'Life of Riches and Honor' aims to help cash-strapped religious families.'>

A reality show with a wider bite

Radio's 'Life of Riches and Honor' aims to help cash-strapped religious families.

By
January 21, 2007 09:34
4 minute read.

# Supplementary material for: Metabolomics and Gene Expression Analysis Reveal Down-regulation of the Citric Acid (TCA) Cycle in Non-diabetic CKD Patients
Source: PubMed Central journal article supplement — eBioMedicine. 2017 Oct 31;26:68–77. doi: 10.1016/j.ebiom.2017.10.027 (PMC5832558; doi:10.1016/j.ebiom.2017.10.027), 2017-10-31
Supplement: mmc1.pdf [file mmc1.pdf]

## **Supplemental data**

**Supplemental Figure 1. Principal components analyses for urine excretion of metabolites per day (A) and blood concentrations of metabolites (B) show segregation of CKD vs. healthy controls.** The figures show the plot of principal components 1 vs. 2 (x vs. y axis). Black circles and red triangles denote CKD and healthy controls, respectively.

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In Israel's latest original reality show, you won't see ambitious teenagers singing, agile dancers pirouetting, romance-seekers kissing, or, as is the case with Uri Geller's new hit program, mentalists reading minds of celebrities. In fact, you won't see anything at all. This reality show is broadcast over the radio to religious families, many of whom don't own televisions. And if they did, they certainly wouldn't be watching A Star is Born or Born to Dance, which are replete with costumes and performances that offend religious sensibilities. A Life of Riches and Honor, which premiered January 4 on Radio Kol Chai, Israel's highest-rated religious radio station, is much less glamorous than the reality blockbusters on TV. That's because this reality show deals with biting reality. Over the course of 10 weeks, 13 families representing a cross section of the religious spectrum, from religious Zionist to haredi (Ultra Orthodox), must prove they can run their household more economically and efficiently than the rest. A commercial teaser lures in listeners with household tips, such as: "Don't go supermarket shopping when you're hungry." "In the religious community, especially the haredi communities, people don't have televisions at home. Whereas a secular person comes home after work and turns on the TV to watch news, a religious person comes home and turns on the radio," says Ido Lebovitz, CEO of Radio Kol Chai. "We wanted to give our listeners a program that was useful, not mere entertainment." In fact, entertainment for entertainment's sake is not a desired value among very religious families. "There is no recreation within haredim communities," explains Avinoam Hadas, strategic advisor to Kol Chai. Hadas assists the radio station with adapting modern broadcasting and entertainment trends to the needs and restrictions of religious communities as well as advising businesses on how to penetrate and cater to the religious market. Television is not only potentially immodest, he adds, it's also bitul Torah (a waste of Torah study time). "If you have free time, you study Torah." To maintain its edge among Israel's religious population, Kol Chai adopted the reality format to help its listeners solve real-life, pressing household dilemmas. Producers chose 13 families among 100 applicants based on their profile, expressiveness, and drive not only to win, but to solve their financial troubles. The profile of some families makes the show sound like a religious version of the American reality hit, Survivor. Family A with seven children ages three to 14 must survive on a joint salary of NIS 10,700. To make the mortgage payment of NIS 3,000 and to put food on the table, the father states: "We don't pay for things we don't use right away [such as school tuition, which he avoided paying for over a year]. I'm afraid of confiscations, but I have no choice." Family C with 12 children ages four to 24 barely manages off a joint salary of NIS 8,300. "We try to maneuver here and there. We try to cut. The kids don't have after-school activities." A LIFE of Riches and Honor forces these families to figure out how to cut costs and get out of the hole. At the second "taping" of the show on January 11 at the Kol Chai studios in Bnei Brak, all the contestants shared, on air over the phone, their experience overcoming the first, real, most basic challenge: purchasing weekly groceries while adhering to an individually customized budget provided by the producers. "We tried to cut and buy only what we need, not just what was within hand's reach, but to think before buying," one contestant concluded. "We tried to buy more with less," said another. In the studio, a panel of experts from the show's sponsors, Bank Poalei Agudat Yisrael, which caters to the religious community, sat around a table with the show's presenter and judged the contestants' shopping prudence. Producers keep detailed records of the contestants' finances and compile figures comparing their new spending habits with the old. The experts, along with the contestants and callers from home, offered their own tips, such as: "Don't take the kids shopping, and if you do, don't be afraid to say 'no'" and "Always go shopping with a list." Listeners at home and the show's panel of experts and judges will vote for the winners based on their ability to cut costs. Unlike television shows, looks and charisma cannot bias the voters. At the end of each show, one family is sent back to its poorly managed home. The first place winner receives NIS 20,000 worth of electrical appliances-not a bad way to ease some financial woes. But Lebovitz maintains, "The point is not to find a winner, but to increase awareness. The real winners are the hundreds of thousands of people who learn to save." And while the reality show is a far cry from Donald Trump's Apprentice, the contestants could probably learn a thing or two from the business mogul. As one judge on the show put it: "Running a family household is a business in every way." A Life of Riches and Honor is broadcast on Thursday from 8-9pm on Radio Kol Chai, 93 FM.

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